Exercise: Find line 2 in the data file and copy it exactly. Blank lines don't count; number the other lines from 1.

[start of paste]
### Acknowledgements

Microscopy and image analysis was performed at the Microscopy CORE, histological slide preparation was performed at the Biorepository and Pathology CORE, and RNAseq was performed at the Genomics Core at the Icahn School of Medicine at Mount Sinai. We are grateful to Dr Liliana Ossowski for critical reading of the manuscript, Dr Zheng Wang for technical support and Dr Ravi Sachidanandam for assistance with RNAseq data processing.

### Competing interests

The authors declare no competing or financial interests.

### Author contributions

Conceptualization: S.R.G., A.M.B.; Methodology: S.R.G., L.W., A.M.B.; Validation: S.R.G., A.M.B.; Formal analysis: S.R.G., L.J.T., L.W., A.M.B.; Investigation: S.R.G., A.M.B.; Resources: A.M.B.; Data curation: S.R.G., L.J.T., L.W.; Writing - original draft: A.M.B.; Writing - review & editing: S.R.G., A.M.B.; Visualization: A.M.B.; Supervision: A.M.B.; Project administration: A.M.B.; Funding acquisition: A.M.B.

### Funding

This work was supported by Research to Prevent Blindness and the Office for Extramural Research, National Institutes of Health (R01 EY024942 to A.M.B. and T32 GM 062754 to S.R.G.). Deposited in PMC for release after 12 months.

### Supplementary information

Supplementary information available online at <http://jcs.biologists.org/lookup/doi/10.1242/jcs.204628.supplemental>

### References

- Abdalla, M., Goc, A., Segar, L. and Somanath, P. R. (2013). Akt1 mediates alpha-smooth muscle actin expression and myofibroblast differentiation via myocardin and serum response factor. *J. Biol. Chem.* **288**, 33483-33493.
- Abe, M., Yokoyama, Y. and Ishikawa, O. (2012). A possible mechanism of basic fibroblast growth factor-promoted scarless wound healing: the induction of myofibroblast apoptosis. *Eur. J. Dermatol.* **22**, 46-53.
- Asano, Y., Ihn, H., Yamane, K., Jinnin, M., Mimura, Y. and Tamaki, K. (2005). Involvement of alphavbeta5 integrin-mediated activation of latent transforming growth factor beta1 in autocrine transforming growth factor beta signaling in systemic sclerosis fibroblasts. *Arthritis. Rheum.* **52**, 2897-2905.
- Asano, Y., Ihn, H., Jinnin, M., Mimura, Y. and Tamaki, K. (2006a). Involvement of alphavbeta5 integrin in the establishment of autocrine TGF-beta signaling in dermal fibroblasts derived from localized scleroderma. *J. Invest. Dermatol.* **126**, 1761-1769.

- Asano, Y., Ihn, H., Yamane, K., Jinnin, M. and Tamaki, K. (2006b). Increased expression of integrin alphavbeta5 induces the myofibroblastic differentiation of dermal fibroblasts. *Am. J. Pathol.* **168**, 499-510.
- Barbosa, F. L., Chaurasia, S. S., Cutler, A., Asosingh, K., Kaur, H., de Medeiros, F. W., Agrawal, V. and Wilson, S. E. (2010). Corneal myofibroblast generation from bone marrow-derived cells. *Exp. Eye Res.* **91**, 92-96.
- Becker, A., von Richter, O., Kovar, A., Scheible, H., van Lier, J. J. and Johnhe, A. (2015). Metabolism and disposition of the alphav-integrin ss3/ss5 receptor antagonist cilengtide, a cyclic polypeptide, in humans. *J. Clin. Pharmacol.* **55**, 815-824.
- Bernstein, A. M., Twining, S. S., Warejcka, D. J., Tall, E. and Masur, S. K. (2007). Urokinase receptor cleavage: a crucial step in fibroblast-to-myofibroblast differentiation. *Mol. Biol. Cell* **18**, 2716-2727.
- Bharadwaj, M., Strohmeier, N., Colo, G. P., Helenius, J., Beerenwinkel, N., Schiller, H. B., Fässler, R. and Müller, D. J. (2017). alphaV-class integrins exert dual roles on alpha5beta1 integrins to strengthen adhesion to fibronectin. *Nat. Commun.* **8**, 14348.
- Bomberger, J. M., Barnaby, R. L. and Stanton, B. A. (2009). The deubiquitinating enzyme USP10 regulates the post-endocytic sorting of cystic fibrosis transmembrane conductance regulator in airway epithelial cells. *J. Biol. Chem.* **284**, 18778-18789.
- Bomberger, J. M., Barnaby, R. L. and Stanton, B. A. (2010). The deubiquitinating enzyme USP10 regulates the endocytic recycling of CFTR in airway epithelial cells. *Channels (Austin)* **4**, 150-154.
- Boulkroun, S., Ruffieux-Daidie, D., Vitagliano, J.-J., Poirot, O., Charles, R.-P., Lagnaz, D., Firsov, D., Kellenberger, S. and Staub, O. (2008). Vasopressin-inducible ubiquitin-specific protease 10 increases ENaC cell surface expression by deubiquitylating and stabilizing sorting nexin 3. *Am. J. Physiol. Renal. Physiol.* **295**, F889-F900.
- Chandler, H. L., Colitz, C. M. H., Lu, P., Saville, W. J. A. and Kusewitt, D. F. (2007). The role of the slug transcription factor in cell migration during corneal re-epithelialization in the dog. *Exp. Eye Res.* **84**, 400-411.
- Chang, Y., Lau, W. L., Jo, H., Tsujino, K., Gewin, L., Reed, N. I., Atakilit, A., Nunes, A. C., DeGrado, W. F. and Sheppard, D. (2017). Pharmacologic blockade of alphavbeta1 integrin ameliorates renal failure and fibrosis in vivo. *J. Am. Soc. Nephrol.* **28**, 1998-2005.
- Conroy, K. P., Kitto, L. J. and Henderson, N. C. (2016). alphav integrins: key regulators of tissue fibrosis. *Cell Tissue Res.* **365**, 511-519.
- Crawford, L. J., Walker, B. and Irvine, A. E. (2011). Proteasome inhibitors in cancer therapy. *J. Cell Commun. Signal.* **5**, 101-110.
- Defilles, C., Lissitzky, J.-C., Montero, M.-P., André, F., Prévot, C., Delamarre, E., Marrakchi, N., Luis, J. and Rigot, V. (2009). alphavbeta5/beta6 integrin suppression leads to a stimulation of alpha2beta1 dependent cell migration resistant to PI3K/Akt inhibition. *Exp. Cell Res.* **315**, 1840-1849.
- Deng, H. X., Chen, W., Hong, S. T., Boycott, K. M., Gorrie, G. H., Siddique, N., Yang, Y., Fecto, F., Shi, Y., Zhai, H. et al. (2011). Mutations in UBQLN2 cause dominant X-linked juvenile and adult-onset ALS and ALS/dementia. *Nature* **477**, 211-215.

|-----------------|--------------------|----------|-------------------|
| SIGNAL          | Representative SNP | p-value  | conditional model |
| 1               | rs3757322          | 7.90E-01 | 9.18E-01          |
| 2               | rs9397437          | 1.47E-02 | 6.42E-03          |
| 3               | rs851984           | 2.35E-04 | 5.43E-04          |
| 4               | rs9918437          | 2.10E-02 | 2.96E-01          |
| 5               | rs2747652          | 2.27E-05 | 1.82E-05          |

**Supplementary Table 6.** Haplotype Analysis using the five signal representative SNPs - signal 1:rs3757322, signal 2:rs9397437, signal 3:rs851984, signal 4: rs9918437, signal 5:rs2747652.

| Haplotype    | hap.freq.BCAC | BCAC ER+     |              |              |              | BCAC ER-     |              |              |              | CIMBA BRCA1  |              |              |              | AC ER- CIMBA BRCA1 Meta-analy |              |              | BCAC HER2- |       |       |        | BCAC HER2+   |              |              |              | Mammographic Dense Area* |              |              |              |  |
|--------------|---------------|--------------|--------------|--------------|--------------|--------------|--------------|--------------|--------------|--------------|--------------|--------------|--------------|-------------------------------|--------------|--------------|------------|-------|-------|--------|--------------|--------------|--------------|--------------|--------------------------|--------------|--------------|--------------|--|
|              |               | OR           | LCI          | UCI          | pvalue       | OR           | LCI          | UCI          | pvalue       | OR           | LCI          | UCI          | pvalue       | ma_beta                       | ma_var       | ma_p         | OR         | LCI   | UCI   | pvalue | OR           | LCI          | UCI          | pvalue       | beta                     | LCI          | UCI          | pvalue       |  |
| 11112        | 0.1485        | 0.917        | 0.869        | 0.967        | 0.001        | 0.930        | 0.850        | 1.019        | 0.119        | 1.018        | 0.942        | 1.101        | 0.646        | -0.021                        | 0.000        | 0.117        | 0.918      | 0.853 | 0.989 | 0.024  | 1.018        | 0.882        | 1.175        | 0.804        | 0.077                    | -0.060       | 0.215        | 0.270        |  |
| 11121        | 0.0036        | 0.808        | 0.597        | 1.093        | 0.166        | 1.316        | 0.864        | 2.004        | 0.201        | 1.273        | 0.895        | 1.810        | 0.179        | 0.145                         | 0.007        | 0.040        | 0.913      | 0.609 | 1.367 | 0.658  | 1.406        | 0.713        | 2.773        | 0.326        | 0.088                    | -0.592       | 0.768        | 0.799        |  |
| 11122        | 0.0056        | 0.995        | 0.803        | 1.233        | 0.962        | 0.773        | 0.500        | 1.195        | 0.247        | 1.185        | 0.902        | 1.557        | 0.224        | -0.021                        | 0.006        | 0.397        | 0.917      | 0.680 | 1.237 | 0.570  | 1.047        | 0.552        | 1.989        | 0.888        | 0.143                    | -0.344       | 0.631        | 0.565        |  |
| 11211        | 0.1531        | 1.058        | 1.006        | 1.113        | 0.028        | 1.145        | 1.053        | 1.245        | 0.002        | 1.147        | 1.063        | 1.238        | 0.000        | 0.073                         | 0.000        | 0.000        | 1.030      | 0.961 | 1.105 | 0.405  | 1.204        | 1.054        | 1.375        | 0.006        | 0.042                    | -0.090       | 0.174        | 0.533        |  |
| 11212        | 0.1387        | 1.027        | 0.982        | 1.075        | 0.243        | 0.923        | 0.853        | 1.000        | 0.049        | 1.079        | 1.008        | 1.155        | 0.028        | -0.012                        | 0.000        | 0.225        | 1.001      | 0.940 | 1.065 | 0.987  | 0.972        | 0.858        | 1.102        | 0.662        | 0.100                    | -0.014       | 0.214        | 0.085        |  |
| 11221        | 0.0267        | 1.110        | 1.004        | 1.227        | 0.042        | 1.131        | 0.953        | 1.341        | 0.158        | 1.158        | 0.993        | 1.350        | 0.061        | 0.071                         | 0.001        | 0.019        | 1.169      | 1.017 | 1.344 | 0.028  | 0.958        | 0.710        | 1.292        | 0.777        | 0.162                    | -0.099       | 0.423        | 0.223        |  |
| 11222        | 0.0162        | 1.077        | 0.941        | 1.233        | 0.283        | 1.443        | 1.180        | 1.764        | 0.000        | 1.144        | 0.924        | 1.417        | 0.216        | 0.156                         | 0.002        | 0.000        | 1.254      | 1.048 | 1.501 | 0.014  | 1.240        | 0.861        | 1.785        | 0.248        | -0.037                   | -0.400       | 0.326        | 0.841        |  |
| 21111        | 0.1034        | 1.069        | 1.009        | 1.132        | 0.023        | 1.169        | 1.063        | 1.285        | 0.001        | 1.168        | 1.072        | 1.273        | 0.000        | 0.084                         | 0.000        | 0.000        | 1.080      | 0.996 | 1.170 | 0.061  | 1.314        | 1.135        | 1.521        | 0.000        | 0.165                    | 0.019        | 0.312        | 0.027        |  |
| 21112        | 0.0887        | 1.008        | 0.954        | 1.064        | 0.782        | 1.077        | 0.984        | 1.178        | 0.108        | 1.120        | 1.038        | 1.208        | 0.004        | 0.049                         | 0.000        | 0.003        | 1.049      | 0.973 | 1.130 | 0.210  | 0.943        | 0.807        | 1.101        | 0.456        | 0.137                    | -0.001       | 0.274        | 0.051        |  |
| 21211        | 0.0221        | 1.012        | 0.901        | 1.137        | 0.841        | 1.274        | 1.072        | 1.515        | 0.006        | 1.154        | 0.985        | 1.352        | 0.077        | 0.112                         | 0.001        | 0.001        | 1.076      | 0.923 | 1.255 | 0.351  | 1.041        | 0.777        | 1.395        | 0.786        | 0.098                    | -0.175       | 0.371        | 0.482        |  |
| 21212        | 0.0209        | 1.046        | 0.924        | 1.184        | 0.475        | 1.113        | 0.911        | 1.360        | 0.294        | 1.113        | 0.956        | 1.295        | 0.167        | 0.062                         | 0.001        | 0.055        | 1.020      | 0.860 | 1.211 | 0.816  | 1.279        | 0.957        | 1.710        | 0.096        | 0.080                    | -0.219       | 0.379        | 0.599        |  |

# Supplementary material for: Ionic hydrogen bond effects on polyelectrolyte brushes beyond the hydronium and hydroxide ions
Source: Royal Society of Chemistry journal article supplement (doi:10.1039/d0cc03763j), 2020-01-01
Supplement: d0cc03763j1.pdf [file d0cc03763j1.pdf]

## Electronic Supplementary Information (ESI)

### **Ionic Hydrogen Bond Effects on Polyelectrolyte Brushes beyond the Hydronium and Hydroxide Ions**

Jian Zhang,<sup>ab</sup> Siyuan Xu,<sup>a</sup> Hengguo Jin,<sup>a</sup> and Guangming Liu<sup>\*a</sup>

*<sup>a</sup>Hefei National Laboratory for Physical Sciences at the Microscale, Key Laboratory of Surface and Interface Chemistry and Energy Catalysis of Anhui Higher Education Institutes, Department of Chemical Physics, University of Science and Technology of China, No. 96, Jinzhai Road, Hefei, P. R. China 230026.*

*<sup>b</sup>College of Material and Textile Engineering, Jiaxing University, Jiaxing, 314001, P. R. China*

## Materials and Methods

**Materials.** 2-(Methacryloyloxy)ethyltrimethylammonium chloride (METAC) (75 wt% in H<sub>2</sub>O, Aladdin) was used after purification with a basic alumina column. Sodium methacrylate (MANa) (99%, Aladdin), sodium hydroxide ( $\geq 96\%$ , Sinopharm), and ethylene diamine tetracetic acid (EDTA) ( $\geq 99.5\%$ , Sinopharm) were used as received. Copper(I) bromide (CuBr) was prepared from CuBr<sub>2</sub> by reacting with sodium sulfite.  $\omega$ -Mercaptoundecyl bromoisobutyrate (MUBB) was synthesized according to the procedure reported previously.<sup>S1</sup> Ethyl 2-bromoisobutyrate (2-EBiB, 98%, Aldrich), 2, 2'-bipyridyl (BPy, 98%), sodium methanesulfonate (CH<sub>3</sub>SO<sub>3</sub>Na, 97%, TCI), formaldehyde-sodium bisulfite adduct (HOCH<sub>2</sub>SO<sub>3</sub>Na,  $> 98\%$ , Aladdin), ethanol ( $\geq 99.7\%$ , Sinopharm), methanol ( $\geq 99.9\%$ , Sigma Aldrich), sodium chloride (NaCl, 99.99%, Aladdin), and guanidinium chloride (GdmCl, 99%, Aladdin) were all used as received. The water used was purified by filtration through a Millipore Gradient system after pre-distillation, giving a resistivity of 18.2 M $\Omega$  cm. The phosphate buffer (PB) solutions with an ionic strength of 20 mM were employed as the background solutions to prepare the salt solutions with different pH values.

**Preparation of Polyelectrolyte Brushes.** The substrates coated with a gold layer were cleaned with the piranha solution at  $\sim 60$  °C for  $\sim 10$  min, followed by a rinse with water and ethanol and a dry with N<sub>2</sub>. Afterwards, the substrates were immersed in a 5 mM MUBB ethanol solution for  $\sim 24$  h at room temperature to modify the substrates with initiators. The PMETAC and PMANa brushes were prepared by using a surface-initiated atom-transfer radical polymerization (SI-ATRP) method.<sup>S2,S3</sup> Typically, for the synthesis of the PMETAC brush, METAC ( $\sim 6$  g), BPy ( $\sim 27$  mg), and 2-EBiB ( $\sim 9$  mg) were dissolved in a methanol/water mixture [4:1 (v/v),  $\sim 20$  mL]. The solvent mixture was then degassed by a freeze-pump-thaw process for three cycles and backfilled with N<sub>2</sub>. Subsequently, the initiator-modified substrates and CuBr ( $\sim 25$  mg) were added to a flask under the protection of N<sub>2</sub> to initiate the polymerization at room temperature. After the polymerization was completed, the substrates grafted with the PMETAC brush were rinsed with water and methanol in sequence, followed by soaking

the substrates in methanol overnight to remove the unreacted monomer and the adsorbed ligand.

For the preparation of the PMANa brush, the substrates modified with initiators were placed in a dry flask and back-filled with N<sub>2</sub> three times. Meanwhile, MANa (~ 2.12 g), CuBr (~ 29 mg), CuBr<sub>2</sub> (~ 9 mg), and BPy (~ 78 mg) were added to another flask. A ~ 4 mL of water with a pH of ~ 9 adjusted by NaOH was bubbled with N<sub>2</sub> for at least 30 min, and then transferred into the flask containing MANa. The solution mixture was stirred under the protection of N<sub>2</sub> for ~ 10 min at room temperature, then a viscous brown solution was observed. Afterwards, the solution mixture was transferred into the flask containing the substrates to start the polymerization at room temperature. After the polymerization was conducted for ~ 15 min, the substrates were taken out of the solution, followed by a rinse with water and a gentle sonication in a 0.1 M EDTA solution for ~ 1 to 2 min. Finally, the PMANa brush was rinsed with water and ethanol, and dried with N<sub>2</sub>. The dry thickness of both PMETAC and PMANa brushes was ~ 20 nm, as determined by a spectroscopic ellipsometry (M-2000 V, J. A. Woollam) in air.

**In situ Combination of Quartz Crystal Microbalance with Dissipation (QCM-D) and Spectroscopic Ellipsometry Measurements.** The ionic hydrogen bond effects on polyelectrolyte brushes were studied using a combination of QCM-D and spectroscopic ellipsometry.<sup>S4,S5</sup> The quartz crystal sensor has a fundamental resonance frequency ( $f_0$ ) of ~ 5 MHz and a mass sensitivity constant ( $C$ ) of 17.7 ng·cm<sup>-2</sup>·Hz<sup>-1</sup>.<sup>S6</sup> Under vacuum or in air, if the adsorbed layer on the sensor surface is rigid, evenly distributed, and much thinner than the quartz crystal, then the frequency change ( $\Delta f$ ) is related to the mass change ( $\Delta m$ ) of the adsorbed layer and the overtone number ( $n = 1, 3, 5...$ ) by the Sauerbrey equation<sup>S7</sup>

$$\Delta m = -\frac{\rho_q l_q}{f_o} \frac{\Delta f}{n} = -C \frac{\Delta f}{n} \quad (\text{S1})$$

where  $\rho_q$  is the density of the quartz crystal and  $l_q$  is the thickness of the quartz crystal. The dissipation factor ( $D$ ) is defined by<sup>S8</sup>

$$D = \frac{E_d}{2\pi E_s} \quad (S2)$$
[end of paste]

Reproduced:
Microscopy and image analysis was performed at the Microscopy CORE, histological slide preparation was performed at the Biorepository and Pathology CORE, and RNAseq was performed at the Genomics Core at the Icahn School of Medicine at Mount Sinai. We are grateful to Dr Liliana Ossowski for critical reading of the manuscript, Dr Zheng Wang for technical support and Dr Ravi Sachidanandam for assistance with RNAseq data processing.